Tetangco's Warning Shots Make Philippine Peso Region's Steadiestby and
Currency has lowest implied volatility in Asia after the yuan
Central bank uses moral suasion to influence market behavior
“Temper your animal spirits.”
That was the message from Philippine central bank Governor Amando Tetangco to a room full of foreign-exchange traders at a Bloomberg forum in Manila last month. The advice, and the unspoken threats that underpinned it, are an example of how the man in charge of the monetary authority for a decade uses soft power to contain swings in the peso and give local businesses more confidence in exchange rates than their Asian peers.
“If the banks see the hand of the central bank, they’ll think twice going against it,” said Joey Cuyegkeng, an economist at ING Groep NV in Manila. “In certain cases, moral suasion is very effective and in certain instances, direct intervention is more effective. It’s all part of the tools.”
Tetangco has been Southeast Asia’s most successful proponent of spoken intervention, sparing precious currency reserves as the Philippine currency’s one-month implied volatility, a gauge of expected fluctuations used to price options, held at a regional low of 5.29 percent. That compares with 18.62 percent for Malaysia’s ringgit and 15.92 percent for Indonesia’s rupiah. Philippine reserves have increased in the past year, while Malaysian and Indonesian stockpiles have slumped, and the nation’s economy is forecast to grow faster than its Southeast Asian peers in 2015.
“The peso’s relative stability is one of the Philippines’ main selling points,” said Wee-Ming Ting, the Singapore-based head of Asian fixed income at Pictet Asset Management Ltd. The volatility “is much less compared with some of the currencies in the region. That’s viewed positively by investors,” he said.
Moral suasion is the influence which the central bank exercises to induce or convince banks to conduct operations in a manner that would contribute to the attainment of monetary goals, Bangko Sentral ng Pilipinas says on its website. Sometimes it doesn’t necessarily support the lenders’ objectives of maximizing profits, it says.
“Because the banks know that the BSP is available for consultation, we have been quite successful in containing volatility,” Tetangco said in e-mailed response to questions. “The banks are also aware that we monitor market conduct closely and that we would not hesitate to exercise supervisory action if we believe there is unusual market activity.”
It’s not uncommon to get phone calls from top central bank officials and be queried on the reasons for buying dollars, said a president of one of the Philippines’ commercial banks who didn’t want to be named as he said the issue is sensitive.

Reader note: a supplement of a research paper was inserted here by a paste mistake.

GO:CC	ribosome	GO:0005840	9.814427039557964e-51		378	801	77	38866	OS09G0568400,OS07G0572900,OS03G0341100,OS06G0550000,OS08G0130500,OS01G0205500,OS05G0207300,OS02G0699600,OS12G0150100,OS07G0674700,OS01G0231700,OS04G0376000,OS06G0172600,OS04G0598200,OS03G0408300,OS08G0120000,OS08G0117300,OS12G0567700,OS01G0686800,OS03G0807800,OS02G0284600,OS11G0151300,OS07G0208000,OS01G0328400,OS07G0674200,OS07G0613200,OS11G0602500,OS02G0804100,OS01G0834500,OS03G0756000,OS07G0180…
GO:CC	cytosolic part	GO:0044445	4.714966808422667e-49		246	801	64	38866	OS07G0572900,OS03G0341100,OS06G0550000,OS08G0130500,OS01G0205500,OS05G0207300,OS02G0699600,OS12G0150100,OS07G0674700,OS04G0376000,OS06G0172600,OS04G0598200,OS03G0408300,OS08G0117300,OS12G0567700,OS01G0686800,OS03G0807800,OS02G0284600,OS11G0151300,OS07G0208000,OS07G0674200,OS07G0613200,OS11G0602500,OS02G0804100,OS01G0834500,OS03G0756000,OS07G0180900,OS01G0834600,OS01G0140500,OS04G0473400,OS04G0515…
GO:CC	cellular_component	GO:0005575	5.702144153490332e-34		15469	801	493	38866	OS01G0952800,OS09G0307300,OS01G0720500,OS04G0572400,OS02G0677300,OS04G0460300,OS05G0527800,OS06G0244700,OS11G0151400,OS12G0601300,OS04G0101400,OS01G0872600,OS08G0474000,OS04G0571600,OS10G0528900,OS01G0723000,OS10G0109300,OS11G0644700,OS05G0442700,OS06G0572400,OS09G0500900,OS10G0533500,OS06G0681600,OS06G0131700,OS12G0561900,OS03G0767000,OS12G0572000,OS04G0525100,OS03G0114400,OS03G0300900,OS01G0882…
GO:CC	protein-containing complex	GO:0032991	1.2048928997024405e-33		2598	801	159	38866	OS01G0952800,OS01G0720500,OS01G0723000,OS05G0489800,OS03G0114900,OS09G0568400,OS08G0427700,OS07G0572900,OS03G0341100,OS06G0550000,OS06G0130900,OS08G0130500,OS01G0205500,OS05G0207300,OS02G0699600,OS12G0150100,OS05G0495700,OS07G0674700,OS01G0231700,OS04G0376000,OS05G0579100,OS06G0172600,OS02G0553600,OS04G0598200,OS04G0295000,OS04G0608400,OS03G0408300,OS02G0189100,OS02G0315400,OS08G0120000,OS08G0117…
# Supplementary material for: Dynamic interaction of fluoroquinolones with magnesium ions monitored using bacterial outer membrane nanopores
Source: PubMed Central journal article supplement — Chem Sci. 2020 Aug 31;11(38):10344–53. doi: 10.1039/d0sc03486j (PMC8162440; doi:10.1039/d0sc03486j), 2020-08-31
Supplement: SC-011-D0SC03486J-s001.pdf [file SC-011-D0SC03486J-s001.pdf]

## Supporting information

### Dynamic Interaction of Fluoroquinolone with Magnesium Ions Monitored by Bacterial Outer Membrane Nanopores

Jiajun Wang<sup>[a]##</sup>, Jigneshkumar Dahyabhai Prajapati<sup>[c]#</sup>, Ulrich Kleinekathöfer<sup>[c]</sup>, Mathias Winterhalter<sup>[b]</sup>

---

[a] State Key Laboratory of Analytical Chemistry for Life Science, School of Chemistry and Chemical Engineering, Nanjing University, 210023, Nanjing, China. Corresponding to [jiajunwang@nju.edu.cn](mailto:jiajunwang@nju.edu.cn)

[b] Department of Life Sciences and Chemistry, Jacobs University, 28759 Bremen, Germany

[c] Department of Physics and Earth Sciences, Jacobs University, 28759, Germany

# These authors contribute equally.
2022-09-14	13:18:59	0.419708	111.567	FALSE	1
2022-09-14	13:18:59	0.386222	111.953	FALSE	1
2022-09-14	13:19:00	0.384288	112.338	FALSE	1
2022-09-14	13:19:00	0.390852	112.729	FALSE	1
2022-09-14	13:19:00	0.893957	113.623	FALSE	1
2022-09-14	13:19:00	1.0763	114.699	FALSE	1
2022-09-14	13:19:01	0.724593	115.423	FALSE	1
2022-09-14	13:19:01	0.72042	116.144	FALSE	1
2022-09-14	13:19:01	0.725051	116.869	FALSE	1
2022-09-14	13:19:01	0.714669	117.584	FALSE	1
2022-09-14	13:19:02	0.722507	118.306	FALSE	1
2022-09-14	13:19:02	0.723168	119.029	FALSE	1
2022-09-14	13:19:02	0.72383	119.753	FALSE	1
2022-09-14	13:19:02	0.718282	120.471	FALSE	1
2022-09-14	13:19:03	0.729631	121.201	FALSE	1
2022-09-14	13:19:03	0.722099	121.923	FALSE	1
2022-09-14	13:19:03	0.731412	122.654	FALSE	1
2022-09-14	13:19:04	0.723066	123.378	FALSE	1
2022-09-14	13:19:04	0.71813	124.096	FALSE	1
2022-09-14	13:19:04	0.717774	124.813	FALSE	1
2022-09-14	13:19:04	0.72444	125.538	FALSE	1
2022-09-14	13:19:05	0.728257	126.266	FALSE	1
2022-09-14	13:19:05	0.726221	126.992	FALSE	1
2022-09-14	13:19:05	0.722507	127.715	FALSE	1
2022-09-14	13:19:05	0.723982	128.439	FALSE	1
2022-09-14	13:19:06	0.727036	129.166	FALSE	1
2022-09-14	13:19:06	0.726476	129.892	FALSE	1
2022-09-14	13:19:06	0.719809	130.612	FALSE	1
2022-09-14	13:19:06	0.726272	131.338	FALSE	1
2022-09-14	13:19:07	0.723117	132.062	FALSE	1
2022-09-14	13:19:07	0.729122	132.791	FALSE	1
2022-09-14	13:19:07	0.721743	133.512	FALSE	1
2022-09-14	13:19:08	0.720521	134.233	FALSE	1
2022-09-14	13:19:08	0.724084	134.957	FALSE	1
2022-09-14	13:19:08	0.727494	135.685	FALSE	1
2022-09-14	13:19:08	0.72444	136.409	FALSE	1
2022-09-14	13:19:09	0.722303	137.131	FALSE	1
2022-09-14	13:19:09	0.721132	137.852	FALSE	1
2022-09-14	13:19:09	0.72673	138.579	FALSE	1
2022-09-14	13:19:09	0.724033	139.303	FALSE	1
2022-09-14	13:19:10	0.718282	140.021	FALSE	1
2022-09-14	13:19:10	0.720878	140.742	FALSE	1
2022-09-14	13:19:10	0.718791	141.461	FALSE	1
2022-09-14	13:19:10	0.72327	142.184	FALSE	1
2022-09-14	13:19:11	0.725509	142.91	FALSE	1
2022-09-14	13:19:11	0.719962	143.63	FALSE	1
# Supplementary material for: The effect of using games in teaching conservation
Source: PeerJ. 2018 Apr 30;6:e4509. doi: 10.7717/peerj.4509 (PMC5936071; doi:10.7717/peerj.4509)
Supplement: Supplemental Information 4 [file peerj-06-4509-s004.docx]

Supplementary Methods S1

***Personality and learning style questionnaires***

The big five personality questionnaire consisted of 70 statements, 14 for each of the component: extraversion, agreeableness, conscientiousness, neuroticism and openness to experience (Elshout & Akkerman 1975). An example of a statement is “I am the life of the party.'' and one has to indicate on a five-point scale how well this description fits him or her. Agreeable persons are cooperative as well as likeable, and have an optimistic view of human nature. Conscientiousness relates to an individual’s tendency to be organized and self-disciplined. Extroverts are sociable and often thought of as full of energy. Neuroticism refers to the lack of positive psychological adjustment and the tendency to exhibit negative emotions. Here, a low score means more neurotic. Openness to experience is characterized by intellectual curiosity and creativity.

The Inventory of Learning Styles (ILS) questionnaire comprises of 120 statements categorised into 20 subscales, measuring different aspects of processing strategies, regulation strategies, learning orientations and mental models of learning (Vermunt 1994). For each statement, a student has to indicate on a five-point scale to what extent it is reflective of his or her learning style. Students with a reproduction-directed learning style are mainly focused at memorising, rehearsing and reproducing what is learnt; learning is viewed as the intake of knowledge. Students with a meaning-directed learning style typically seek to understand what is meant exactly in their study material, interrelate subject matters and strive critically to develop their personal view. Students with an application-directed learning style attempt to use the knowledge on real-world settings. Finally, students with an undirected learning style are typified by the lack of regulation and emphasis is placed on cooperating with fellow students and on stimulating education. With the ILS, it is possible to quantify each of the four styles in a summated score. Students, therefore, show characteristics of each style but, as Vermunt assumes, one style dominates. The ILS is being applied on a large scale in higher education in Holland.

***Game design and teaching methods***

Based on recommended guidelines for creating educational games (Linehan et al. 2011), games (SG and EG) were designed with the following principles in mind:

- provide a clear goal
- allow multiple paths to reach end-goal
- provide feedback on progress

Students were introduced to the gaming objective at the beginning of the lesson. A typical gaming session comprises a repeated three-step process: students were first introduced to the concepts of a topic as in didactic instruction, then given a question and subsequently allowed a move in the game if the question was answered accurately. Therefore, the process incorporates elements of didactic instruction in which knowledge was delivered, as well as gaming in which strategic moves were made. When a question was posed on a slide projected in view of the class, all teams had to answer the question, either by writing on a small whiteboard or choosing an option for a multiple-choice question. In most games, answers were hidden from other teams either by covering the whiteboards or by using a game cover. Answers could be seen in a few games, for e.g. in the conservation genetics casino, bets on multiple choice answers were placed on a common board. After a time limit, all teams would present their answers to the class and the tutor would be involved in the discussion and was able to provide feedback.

Access to data is always a crucial component of policy making, Governor Tetangco said in response to the comment on the phone calls.
The peso has been shielded from much of the market turmoil this year due to the Philippines’ relative lack of dependence on commodity exports and comparatively low levels of foreign investment in its stocks and bonds. Money sent home by Filipinos working overseas and a burgeoning business-process outsourcing industry have buoyed expansion. The Philippine economy is forecast to grow 5.9 percent this year, according to a Bloomberg survey, compared with 4.9 percent in Malaysia, 4.8 percent in Indonesia and 2.7 percent in Thailand.
As the rupiah and the ringgit plunged last quarter and then rebounded sharply this month, the peso’s movement has been more muted. The Philippine currency declined 3.5 percent in the three months through September, compared with a 9 percent drop in the rupiah, and has risen 1.7 percent so far in October as the ringgit rallied 5.8 percent.
While the peso has been supported by the Philippines’ relatively strong economic fundamentals, the currency would be more volatile without the central bank’s use of moral suasion, said Patrick Ella, an economist at Security Bank Corp. in Manila.
“In times of stress definitely the central bank will not only deploy moral suasion but other tools as well,” he said, referring to intervention in the foreign-exchange market. “In stressful periods they will increase the tools available as well as the intensity.”
Bangko Sentral incurred a net loss of 3.55 billion pesos in the first seven months of the year, compared with 3.17 billion pesos in the same period of 2014, according to central bank figures. Foreign investors pumped $1.1 billion into the nation’s stock market in the first quarter, the most since 2012, exchange data show.
“In response to the heavy capital inflows, the BSP has been implementing various stabilization measures to moderate sharp currency movements,” it said in a statement earlier this year. “However, stability comes at a price. The BSP has been incurring heavy financial losses in its efforts to temper currency fluctuations which could be destabilizing.”
The Philippines has been able to maintain its foreign-exchange reserves though, with its stockpile increasing 0.9 percent in the 12 months through September. Indonesian reserves have fallen 8.5 percent over the same period, while Malaysia’s are down 27 percent. Bangko Sentral has also managed to keep inflation to just 0.4 percent in September, compared with 6.83 percent in Indonesia and 3.1 percent in Malaysia in August.
Keeping the peso stable is part of the central bank’s mandate, according to Jonathan Ravelas, chief market strategist at BDO Unibank Inc. in Manila.
“The central bank is there to bring order and stability,” he said. “The market shouldn’t be just a one-way street. Sometimes the market exaggerates.”